The Yunnan Province in China is well-known for a particular style of tea called ‘pu-erh’ (alternately ‘puer,’ ‘pu er,’ and ‘pu-er’). But they produce some other teas considered equally divine. Here are five of them to get you started exploring:
A gongfu black tea made using a process that requires considerable expertise. It comes from the Fengqing area, where they have been making this and other black teas for over 150 years. Fresh, sweet, and with little or no astringency, the is a black tea that can be enjoyed as is without the milk and sugar often used.
This version was harvested in the spring of 2011 and uses big leaves from the Fengqing area. It’s comprised of tight, plump buds that are golden colored after processing with tea hairs visible. The steeped liquid is a bright orange color and has a fresh, sweet, delicate and mellow flavor with a long aftertaste. The best steeping vessels are gaiwans or Yixing teapots, but you can also use cups or porcelain teapots.
A top grade and slightly oxidized tea comprised of needle-shaped and plump tea buds that appear silvery due to the conspicuous natural, fine tea hair. It’s made from big white pu-erh tea trees, so the sweetness in this tea liquid lasts longer than in that of the Fuding silver needle, with a totally different aroma from the Fuding silver needle.
This version was harvested in the spring of 2011 and uses big leaves from the big white pu-erh tea trees, plucking single buds with a tight, fat, needle shape and covered with silver hair. The steeped liquid is a lightly shiny yellow, with a fresh, sweet, mellow, and light honey taste. Steep in either a gaiwan or glass cup. You’ll want to see those buds unfold.
This tea from the Jinggu area is not processed quite like traditional white teas, so some consider it in a category of its own. Invented by a Taiwanese individual in Yunnan in 2003, this tea is composed of tea leaves characterized with silver tea hair from tea tree that only grow in Jinggu. The leaves are picked and then withered under moonlight for a long time, causing some interior oxidation by the enzymes inside the leaves and giving the tea liquid an aroma similar to black tea. The tea liquid will be more reddish with each infusion.
This version was harvested in the spring of 2011 and uses tight, fat, and plump two-leaves-and-a-bud combos picked from old tea trees. The steeped liquid is a golden yellow with a floral, sweet and fresh taste, and a smooth feeling in mouth and throat. Gaiwans are best for steeping this tea.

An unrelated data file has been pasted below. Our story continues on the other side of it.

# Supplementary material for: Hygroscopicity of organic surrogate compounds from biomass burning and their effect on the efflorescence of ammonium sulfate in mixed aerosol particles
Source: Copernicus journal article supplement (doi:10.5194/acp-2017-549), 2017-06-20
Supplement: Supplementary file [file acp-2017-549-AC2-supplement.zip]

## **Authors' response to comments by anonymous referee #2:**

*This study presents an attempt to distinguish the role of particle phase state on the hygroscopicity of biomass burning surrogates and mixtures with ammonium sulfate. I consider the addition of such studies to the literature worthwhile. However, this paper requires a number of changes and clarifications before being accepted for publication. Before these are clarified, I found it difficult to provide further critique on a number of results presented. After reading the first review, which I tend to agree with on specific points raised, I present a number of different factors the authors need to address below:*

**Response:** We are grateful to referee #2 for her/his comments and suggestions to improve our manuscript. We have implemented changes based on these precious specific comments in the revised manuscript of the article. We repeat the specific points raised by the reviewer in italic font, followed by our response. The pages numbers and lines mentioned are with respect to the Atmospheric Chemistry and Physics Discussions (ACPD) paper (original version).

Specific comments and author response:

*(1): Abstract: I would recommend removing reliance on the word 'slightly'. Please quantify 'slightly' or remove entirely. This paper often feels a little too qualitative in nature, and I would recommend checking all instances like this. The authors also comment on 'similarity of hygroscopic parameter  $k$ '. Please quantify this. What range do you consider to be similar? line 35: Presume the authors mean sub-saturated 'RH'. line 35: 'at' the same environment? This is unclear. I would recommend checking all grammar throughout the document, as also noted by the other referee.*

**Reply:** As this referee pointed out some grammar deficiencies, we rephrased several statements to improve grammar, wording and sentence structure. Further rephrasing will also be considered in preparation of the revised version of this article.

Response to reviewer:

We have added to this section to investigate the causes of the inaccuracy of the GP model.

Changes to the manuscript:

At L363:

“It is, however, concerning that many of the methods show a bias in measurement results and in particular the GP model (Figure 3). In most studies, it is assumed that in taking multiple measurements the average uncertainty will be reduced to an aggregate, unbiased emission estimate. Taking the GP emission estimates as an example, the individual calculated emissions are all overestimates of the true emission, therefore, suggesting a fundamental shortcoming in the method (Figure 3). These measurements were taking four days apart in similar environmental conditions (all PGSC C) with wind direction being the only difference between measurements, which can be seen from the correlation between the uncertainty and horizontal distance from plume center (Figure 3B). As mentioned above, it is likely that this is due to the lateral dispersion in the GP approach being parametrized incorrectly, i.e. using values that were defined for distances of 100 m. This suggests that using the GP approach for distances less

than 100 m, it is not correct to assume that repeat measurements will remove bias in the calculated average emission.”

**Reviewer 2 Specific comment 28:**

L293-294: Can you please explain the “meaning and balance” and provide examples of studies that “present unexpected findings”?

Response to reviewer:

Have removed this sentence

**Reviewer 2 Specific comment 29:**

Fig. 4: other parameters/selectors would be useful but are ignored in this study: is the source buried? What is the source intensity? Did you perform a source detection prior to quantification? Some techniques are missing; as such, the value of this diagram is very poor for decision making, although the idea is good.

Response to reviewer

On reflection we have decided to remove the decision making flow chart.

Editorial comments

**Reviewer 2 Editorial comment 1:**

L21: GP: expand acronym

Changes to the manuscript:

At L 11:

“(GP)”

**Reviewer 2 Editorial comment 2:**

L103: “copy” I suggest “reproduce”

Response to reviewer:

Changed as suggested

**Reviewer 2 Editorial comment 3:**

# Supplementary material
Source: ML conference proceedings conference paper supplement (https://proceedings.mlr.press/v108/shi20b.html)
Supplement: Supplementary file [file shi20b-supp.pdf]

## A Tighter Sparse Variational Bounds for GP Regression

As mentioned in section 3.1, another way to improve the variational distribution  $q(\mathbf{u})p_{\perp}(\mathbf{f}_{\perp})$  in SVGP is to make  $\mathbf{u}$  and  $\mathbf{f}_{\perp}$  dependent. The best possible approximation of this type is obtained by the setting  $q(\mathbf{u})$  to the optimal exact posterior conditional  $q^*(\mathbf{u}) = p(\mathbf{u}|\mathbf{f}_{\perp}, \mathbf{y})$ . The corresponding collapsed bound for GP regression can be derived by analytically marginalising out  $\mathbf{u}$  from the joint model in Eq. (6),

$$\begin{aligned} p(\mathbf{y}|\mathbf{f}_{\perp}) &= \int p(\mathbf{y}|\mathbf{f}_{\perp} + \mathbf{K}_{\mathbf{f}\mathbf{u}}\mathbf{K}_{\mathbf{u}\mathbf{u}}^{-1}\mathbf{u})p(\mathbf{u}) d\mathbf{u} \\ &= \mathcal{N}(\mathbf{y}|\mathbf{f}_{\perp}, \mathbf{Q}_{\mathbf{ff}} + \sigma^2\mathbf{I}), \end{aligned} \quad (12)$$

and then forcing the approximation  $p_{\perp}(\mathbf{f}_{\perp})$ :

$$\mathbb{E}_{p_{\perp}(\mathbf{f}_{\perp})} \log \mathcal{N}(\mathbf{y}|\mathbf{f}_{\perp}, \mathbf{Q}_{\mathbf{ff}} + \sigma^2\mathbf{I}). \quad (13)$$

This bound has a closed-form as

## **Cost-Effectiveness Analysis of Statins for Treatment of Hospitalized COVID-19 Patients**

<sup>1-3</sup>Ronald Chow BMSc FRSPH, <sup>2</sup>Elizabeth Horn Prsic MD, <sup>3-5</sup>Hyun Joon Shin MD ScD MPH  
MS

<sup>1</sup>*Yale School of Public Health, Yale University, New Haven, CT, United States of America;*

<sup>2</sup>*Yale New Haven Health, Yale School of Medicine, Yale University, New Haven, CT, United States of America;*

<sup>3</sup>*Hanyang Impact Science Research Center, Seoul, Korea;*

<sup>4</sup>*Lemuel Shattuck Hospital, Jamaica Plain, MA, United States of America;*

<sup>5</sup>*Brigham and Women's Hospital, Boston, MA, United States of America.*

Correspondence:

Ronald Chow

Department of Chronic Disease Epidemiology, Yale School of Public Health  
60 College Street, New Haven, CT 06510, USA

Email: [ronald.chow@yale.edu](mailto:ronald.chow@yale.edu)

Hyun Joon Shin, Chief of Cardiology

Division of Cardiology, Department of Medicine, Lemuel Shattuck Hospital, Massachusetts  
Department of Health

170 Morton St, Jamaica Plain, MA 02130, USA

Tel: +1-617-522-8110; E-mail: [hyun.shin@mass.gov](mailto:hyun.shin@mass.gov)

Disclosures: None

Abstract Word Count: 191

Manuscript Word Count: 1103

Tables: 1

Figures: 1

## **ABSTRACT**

Tea #4 — Dian Hong (Yunnan Red, Yunnan Black)
A Chinese black tea from the Yunnan Province (dian=Yunnan, hong=red) used as a relatively high-end gourmet black tea and sometimes in various tea blends. Unlike other Chinese black teas, this one has more fine leaf buds (“golden tips”). Cheaper varieties of Dian Hong produce a darker brownish brew that can be very bitter. The higher grades are uniformly covered in a golden-orange bud hairs and produce a brew that is brassy golden orange in color with a sweet, gentle aroma and no astringency. This tea is a relatively new product from Yunnan that began production in the early 20th century.
Steep in a gaiwan or Yixing teapot in water heated to 194-212°F to get a robust, malty liquid. Multiple infusions are possible as long as you don’t oversteep, which will also help avoid astringency, especially in the cheaper versions.
Tea #5 — Golden Bi Luo (Twisted Yunnan Gold, Hong Bi Luo, Yunnan Bi Luo)
A high-grade black tea made in Yunnan Province in the style of Jiangsu Province’s Green Bi Luo Chun (“snail spring” — “spring” because this tea is harvested in the spring and “snail” because the two leaves and down-covered tips are carefully rolled into tight spirals that slowly unfurl to release more flavor during steeping). The spirals are formed in a heated wok, using three different hand movements. If you’ve given up on black teas, this one will get you hooked again, either as an alternative to coffee or for getting started with using loose leaf tea.
Steep for 1.5 minutes in a ceramic or porcelain vessel in water heated to 190-200° F. You can easily get eight infusions from one serving of this tea. This tea has creamy with sweet, malty notes of vanilla.